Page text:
- Air pollution in Delhi is rising
- The Delhi Pollution Control Committee (DPCC) has banned use of diesel generators in Delhi-NCR
- The ban is in effect from today and will remain imposed until further notice
The use of diesel generators to generate electricity in the national capital has been banned from today i.e. 15th October 2020 as a measure to curb the rising level of Air Pollution. The air quality in the Delhi-NCR (National Capital Region) has been dipping due to the onset of the winter and the beginning of stubble burning by farmers in the neighbouring states.
On Wednesday, Delhi recorded an Air Quality Index (AQI) of 282 at 5:00 PM. The 24-hour average AQI was 300 a day before (Tuesday). The AQI had hit “very poor” levels on Tuesday morning and stood at 306 at 11 am, which was the worst AQI seen by Delhi since February.
In an attempt to control the air quality of Delhi-NCR the Delhi Pollution Control Committee (DPCC), on Wednesday, issued directions wherein the use of all diesel generators in the national capital from Thursday under the Graded Response Action Plan (GRAP) will be banned.
The DPCC has banned the use of generator sets of all capacities which run on diesel, petrol or/ and even kerosene in Delhi with effect from 15th of October and it will last until further orders.
The only exemptions in this order will be the essential services including healthcare facilities, elevators, railway services, Delhi Metro, airports and interstate bus terminals and the data centre run by the National Informatics Centre.
The order was given after the chairman of EPCA [Environment Pollution (Prevention and Control) Authority] Dr. Bhure Lal visited the hotspots. During the visit, the EPCA chairman noted that there was an urgent need to plug the sources of pollution before winter in addition to the ground-level monitoring. He also added that there will be a need to use the smog guns for the prevention of dust pollution.
The orders state that all the hots[ots of the air pollution in Delhi-NCR need to be properly and closely monitored to make sure that the plan from EPCA is implemented efficiently and effectively.
The DPCC order also directs the authorities to undertake night patrolling to make sure there is no incident of garbage burning or other activities which can lead to dust pollution which would further cause AQI to deteriorate.
Going by the directive which was issued by the DPCC, the long-term measures need to be taken for disposal of garbage so that incidents of garbage burning can be curbed.
Burning of garbage is a major part of air pollution in Delhi, said the DPCC.
The committee that, wherever it is possible, the arrangements need to be made to sweep the streets with machines and also asked the authorities to sprinkle water on the roads and take all possible steps possible steps to prevent any dust pollution.
Graded Response Action Plan or GRAP is a set of anti-pollution measures that come into force in Delhi and its vicinity towns (NCR) as per the severity of the situation. It was notified by the Ministry of Environment and Forests back in the year 2017 for implementation through the Supreme Court-mandated Environment Pollution (Prevention and Control) Authority.
The measures under GRAP which were first implemented in Delhi-NCR in 2017 which is was instated, include increasing bus and metro services, hiking the parking fees and stopping the use of diesel generator sets when the air quality turns poor.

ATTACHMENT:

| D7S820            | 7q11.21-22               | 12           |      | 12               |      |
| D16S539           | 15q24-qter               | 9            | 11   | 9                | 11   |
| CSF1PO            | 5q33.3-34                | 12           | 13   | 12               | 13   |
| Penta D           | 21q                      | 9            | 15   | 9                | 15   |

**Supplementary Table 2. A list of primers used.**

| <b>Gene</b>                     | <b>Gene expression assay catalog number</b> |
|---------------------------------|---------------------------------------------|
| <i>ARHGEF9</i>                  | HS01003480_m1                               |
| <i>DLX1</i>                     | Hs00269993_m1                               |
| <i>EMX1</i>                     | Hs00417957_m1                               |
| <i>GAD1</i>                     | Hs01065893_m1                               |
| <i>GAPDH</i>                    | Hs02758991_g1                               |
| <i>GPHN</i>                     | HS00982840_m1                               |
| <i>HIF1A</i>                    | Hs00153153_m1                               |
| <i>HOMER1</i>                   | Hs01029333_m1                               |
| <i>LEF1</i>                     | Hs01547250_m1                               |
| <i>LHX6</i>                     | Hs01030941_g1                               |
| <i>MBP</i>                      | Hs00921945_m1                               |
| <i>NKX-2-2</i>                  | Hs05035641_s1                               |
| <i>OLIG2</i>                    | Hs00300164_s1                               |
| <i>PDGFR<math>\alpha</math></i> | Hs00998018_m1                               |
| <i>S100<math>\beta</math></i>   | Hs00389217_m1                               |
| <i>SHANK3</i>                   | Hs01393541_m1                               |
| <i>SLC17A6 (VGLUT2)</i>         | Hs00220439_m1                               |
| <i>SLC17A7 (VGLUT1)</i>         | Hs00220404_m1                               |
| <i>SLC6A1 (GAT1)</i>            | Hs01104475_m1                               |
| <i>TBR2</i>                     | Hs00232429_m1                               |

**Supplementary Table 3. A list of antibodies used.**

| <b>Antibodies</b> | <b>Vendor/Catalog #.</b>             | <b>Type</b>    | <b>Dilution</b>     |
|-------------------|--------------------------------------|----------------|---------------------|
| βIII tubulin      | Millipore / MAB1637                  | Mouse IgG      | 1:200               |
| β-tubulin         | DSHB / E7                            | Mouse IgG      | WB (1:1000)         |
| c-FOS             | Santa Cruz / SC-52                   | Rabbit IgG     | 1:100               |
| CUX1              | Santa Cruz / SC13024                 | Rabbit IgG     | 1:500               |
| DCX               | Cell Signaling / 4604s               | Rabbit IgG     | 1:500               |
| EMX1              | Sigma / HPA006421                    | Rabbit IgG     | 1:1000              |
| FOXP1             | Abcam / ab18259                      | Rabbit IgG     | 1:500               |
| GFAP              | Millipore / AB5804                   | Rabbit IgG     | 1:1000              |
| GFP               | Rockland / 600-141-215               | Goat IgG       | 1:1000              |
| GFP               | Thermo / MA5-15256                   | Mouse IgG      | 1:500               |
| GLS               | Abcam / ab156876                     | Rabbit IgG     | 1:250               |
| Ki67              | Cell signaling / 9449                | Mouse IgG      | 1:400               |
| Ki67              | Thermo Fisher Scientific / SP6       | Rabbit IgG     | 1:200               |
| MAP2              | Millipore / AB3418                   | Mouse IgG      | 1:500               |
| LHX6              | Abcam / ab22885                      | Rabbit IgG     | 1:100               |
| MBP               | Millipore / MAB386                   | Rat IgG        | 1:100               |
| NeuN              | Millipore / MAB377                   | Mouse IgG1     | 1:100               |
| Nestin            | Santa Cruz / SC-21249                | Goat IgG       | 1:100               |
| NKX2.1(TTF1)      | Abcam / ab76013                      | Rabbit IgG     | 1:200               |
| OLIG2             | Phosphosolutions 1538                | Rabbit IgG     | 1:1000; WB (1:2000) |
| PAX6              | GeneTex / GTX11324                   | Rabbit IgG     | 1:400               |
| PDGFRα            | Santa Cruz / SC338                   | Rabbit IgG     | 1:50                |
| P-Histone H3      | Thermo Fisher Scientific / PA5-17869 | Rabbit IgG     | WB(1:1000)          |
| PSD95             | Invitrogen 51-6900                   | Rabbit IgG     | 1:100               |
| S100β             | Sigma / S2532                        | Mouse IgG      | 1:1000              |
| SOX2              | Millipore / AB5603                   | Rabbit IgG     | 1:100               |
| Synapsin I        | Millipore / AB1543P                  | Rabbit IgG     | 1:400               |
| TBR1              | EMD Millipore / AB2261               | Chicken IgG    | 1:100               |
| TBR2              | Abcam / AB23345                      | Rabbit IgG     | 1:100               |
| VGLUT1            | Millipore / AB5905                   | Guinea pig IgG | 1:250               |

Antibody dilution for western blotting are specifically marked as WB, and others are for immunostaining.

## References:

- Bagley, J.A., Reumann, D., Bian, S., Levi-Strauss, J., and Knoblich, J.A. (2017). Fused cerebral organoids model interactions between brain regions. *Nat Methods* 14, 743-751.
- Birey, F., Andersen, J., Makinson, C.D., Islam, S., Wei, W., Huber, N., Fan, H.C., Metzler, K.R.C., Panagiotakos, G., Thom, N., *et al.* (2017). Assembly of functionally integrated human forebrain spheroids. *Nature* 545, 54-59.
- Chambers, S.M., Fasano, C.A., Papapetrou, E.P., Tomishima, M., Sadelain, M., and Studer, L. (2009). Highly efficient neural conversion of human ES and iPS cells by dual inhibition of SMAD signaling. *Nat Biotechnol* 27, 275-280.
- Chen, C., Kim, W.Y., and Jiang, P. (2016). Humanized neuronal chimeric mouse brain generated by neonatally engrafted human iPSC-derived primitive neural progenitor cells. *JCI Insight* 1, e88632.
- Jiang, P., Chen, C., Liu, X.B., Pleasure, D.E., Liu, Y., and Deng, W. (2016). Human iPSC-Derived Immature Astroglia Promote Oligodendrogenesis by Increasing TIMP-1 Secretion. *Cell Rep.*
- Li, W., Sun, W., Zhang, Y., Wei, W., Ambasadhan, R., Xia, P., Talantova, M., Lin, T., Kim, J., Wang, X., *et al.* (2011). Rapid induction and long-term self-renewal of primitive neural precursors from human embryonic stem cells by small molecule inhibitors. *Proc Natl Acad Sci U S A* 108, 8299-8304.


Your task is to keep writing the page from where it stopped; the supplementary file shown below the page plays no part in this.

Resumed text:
If and when the air quality in the Delhi-NCR dip and enters the “severe” category, GRAP recommends closure of brick kilns, stone crushers and hot mix plants, and advocate for the sprinkling of water, frequent mechanised cleaning of roads and maximising power generation from natural gas.
When there will be an “emergency” situation then a curb on the entry of trucks in Delhi will be placed along with a ban on construction activities and introduction of the odd-even car rationing scheme.
Having said this, EPCA had earlier told Delhi, Haryana, Rajasthan and Uttar Pradesh that they “should try and avert the need to take other emergency measures for pollution control as the economy is already under stress post-lockdown. Therefore, our combined effort is to ensure that there is no further disruption”.
The Air Quality Index of Delhi is in “Very Poor” Quality today at 326.
An AQI between 0 and 50 is considered ‘Good’, 51 and 100 ‘Satisfactory’, 101 and 200 ‘Moderate’, 201 and 300 ‘Poor’, 301 and 400 ‘Very Poor’, and 401 and 500 ‘Severe’.
Yesterday, the AQI in Delhi was 274 at 10:30 am and 282 at 5 pm which is “Poor”.
A senior scientist at the Delhi Pollution Control Committee (DPCC) had said that the dip in the air quality can be credited to the low wind speed which has allowed the accumulation of pollutants in the air of the national capital.
The scientist said, “Stubble burning has also increased in neighbouring states. A change in wind direction is likely to improve AQI slightly on Tuesday,”.
Low temperatures and stagnant winds allow accumulation of pollutants near the ground, affecting the air quality.
As per the findings from the analysis conducted by the Council on Energy, Environment and Water, a Delhi-based think tank, transportation contribute the most – 18% to 39% Delhi’s air pollution. Road dust is the second-largest source of air pollution in the city (18 to 38 per cent), – followed by industries (2% to 29%), thermal power plants (3% to 11%) and construction (8%).
The Aam Aadmi Party-led Delhi government has launched a massive anti-air pollution campaign – “Yuddh Pradushan Ke Viruddh” – which is being led by the Chief Minister of Delhi, Arvind Kejriwal and Environment Minister Gopal Rai. At the Delhi Secretariat, a “green war room” was set up which constitutes of 10 members expert team which will monitor the steps which will be taken to deal with high levels of air pollution in winters in Delhi-NCR.